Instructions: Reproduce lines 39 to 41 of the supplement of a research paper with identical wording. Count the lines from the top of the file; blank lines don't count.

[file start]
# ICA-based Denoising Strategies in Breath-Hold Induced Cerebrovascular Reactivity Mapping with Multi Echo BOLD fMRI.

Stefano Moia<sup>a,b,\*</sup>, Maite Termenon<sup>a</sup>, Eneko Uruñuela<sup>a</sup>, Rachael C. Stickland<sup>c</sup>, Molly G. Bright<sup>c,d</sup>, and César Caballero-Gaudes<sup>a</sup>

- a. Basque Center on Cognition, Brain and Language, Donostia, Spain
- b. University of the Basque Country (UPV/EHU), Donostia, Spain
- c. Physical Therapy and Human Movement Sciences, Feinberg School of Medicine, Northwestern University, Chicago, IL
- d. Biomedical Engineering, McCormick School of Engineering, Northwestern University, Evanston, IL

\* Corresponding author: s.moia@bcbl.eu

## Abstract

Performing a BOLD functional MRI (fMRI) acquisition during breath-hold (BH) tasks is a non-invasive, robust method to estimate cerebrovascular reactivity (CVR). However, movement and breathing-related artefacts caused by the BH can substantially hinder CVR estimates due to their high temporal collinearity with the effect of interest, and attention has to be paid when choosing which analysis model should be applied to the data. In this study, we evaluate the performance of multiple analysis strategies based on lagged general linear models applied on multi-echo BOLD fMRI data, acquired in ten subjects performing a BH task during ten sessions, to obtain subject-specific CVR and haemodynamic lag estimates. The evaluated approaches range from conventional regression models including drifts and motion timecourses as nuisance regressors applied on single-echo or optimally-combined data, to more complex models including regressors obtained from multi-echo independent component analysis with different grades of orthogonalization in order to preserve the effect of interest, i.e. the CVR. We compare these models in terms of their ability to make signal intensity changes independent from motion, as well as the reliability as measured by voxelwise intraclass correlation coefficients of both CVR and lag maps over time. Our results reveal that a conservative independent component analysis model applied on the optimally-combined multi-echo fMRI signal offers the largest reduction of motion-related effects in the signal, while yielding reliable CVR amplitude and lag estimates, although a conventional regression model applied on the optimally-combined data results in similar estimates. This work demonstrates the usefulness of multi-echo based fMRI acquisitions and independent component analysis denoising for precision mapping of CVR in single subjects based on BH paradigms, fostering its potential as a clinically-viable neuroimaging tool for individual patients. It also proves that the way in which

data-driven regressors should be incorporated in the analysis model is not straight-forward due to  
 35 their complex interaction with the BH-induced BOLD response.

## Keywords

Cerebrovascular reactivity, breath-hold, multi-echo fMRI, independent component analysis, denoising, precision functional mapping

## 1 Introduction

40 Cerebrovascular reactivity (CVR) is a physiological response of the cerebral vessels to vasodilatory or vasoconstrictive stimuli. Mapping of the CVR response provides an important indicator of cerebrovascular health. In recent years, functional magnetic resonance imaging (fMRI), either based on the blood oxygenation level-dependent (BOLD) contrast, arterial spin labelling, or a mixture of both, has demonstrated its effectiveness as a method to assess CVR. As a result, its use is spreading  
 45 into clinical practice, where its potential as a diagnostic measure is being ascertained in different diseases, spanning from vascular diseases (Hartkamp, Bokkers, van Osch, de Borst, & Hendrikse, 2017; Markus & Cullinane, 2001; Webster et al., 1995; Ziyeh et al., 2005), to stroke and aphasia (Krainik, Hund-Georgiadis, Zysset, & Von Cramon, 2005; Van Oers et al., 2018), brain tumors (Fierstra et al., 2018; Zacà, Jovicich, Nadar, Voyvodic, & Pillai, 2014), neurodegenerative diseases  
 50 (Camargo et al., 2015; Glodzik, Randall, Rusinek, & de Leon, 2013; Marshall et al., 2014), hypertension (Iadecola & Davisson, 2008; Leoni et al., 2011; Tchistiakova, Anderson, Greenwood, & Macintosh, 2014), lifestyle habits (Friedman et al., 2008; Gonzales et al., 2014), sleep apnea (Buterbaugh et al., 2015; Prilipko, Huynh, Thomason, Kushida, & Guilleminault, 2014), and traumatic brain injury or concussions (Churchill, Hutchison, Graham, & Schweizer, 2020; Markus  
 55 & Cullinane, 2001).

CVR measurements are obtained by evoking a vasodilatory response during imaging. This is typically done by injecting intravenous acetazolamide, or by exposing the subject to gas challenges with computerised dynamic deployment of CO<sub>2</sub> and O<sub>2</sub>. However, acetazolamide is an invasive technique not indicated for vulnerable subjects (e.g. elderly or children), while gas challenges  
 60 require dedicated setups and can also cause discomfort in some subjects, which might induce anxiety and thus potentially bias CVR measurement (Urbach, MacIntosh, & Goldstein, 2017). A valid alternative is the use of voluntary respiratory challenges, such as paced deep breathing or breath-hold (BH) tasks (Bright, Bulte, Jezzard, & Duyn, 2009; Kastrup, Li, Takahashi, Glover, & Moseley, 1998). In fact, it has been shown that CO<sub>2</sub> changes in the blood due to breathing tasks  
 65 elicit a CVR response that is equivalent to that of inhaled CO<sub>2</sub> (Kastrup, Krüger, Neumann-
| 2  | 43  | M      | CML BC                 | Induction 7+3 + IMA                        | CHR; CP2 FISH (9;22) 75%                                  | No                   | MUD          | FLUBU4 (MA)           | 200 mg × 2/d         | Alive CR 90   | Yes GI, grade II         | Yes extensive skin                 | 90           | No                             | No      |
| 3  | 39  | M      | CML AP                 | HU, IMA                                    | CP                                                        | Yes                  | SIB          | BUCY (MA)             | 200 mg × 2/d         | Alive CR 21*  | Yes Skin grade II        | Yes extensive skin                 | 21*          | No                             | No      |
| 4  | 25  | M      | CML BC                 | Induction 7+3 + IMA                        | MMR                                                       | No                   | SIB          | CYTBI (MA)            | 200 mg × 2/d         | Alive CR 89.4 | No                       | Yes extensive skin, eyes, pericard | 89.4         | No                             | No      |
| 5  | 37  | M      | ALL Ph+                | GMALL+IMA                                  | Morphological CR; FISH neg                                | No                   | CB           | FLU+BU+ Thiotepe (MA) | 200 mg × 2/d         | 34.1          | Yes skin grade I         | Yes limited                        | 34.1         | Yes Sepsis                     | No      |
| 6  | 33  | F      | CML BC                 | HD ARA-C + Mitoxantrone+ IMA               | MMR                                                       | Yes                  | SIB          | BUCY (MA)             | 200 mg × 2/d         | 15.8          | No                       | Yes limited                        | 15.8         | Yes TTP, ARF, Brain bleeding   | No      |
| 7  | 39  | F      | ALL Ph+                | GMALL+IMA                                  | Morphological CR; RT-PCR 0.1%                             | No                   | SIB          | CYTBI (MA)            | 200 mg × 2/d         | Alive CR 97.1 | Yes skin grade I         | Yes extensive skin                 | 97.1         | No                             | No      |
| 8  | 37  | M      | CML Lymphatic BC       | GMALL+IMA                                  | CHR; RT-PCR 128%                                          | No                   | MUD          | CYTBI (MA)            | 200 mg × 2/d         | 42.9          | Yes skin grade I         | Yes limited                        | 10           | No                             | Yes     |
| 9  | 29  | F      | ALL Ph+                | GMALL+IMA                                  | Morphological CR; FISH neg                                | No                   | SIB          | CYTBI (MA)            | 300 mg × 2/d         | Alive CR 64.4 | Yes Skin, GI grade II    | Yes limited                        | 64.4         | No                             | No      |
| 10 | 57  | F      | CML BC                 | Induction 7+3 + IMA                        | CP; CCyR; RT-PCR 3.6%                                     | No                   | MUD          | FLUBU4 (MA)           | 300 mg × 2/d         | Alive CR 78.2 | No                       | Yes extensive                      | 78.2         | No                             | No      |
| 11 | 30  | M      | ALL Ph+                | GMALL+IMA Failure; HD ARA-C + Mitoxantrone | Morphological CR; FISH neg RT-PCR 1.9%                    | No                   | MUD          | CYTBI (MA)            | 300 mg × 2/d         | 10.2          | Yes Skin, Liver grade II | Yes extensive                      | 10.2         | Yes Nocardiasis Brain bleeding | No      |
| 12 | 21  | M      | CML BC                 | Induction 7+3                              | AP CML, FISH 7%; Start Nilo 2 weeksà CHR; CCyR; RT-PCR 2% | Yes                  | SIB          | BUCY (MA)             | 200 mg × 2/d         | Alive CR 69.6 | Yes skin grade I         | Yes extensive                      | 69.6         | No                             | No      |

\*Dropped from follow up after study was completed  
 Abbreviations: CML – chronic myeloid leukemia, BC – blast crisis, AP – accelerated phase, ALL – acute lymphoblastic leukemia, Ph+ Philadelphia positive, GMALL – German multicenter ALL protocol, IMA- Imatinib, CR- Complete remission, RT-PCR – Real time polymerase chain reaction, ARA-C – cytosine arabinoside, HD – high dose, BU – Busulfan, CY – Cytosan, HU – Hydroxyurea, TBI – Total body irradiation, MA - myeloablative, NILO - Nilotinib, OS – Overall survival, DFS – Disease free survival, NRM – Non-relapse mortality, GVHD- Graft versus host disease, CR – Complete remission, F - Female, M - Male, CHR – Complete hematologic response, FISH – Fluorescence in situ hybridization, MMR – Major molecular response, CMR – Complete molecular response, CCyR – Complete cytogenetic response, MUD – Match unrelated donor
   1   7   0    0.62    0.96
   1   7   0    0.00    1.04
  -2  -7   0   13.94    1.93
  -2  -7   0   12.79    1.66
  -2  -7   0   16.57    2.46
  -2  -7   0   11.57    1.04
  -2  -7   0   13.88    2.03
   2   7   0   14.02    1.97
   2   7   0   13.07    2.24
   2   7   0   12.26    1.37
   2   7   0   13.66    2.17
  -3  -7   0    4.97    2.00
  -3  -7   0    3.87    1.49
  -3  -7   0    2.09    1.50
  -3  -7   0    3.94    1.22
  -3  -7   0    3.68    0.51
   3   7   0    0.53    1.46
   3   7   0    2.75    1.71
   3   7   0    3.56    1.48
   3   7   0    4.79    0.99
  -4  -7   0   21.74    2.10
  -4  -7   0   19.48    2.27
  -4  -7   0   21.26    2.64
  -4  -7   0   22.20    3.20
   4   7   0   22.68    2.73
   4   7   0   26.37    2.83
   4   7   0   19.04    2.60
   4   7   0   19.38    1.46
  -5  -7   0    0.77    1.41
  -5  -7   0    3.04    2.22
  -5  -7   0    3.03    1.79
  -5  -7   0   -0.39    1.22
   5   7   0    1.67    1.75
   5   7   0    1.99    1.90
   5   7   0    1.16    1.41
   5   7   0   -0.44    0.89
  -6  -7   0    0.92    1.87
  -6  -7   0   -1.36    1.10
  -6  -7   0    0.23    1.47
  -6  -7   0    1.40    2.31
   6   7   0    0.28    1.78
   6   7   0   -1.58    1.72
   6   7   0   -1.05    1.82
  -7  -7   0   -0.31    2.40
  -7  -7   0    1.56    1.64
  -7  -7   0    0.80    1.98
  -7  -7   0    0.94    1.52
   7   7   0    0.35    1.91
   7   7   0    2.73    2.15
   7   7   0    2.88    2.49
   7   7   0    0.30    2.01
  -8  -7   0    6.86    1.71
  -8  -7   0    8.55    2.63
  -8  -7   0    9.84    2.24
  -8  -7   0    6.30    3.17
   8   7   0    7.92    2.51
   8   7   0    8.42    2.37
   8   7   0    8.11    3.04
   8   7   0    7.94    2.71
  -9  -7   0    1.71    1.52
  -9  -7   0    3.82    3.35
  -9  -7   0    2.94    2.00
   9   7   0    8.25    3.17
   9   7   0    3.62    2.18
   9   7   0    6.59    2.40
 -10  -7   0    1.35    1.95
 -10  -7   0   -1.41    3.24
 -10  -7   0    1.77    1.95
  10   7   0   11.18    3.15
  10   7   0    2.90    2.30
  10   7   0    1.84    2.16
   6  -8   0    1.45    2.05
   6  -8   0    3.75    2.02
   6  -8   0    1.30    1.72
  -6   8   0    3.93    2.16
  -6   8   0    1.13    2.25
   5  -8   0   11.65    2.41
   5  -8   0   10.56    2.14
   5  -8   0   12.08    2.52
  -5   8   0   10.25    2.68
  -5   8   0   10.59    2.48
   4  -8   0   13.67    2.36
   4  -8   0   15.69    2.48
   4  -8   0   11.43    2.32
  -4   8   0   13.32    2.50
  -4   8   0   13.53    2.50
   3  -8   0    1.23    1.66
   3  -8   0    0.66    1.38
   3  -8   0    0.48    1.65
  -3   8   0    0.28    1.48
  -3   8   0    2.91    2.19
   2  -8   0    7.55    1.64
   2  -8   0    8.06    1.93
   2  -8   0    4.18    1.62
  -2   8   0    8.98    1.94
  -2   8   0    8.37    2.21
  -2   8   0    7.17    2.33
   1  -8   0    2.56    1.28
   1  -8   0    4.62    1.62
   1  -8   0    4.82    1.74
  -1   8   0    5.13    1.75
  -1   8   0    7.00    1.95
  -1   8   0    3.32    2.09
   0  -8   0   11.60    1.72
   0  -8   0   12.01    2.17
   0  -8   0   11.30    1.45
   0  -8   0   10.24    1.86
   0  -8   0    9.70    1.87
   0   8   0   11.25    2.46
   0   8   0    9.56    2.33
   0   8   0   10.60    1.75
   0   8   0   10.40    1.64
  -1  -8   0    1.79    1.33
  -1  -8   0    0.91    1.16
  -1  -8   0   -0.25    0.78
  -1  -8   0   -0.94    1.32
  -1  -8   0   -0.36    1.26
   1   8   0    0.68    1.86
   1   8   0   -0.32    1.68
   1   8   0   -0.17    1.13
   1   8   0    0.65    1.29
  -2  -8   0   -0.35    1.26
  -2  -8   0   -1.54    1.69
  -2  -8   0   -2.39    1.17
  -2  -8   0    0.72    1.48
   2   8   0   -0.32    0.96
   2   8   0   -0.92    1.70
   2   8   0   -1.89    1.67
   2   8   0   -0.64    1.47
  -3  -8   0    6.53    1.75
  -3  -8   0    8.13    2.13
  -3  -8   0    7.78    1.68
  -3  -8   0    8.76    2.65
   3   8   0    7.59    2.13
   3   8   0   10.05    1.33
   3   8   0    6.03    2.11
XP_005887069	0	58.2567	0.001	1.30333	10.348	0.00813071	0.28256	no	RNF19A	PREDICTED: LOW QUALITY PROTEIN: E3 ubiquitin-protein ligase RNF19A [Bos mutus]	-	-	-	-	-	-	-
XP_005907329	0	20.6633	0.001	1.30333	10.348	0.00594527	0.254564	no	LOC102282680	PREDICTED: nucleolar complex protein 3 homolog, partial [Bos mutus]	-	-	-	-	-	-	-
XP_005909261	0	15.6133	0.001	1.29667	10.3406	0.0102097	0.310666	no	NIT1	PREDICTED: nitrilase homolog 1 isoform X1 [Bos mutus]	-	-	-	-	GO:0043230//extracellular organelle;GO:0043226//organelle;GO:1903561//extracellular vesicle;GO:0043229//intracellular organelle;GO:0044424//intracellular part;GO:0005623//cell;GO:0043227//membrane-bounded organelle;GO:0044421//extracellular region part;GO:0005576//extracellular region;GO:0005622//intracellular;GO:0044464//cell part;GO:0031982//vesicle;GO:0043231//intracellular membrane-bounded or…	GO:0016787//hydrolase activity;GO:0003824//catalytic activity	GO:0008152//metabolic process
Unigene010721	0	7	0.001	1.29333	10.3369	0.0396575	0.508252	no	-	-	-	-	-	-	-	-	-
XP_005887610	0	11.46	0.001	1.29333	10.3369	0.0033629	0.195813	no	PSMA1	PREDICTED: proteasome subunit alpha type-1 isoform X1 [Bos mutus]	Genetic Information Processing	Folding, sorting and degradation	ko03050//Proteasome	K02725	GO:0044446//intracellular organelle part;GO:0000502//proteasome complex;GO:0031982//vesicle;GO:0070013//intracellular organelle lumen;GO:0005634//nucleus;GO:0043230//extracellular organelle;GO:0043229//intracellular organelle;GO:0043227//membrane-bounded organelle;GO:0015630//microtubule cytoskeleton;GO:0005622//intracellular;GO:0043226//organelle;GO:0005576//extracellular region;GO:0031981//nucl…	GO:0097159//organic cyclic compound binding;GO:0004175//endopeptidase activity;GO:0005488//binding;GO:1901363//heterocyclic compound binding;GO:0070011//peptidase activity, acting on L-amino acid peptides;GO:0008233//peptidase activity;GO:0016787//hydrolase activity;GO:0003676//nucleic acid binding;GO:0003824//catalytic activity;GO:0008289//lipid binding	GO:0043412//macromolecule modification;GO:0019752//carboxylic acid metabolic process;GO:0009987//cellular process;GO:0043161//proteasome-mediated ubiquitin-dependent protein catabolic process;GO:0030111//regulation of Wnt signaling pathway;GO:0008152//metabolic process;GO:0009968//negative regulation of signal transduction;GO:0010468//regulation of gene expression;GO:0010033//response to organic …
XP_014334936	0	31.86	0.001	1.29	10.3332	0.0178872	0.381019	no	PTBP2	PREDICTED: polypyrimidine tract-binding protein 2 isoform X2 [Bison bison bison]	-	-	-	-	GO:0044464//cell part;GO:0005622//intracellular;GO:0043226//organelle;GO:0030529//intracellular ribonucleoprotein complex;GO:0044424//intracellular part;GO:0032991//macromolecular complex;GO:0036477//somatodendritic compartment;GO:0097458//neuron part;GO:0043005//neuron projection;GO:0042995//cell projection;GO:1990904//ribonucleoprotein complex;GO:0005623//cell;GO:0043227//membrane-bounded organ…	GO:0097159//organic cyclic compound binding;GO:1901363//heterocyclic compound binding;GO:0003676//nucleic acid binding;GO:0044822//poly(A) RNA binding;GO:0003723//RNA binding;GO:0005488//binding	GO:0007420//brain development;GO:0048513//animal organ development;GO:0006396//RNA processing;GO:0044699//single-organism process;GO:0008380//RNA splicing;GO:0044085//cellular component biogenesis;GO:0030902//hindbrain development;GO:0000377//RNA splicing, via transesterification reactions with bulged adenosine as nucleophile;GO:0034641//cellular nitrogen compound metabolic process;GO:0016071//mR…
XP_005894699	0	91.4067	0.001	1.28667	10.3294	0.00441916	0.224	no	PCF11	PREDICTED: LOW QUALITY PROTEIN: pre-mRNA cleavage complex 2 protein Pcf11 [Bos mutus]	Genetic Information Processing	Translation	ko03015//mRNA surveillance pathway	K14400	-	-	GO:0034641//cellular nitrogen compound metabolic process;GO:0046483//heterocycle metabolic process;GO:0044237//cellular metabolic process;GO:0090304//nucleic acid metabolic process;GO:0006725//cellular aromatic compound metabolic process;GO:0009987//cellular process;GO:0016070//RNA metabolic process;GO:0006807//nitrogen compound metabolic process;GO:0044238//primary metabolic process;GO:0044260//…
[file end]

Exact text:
  -2  -7   0   16.57    2.46
  -2  -7   0   11.57    1.04
  -2  -7   0   13.88    2.03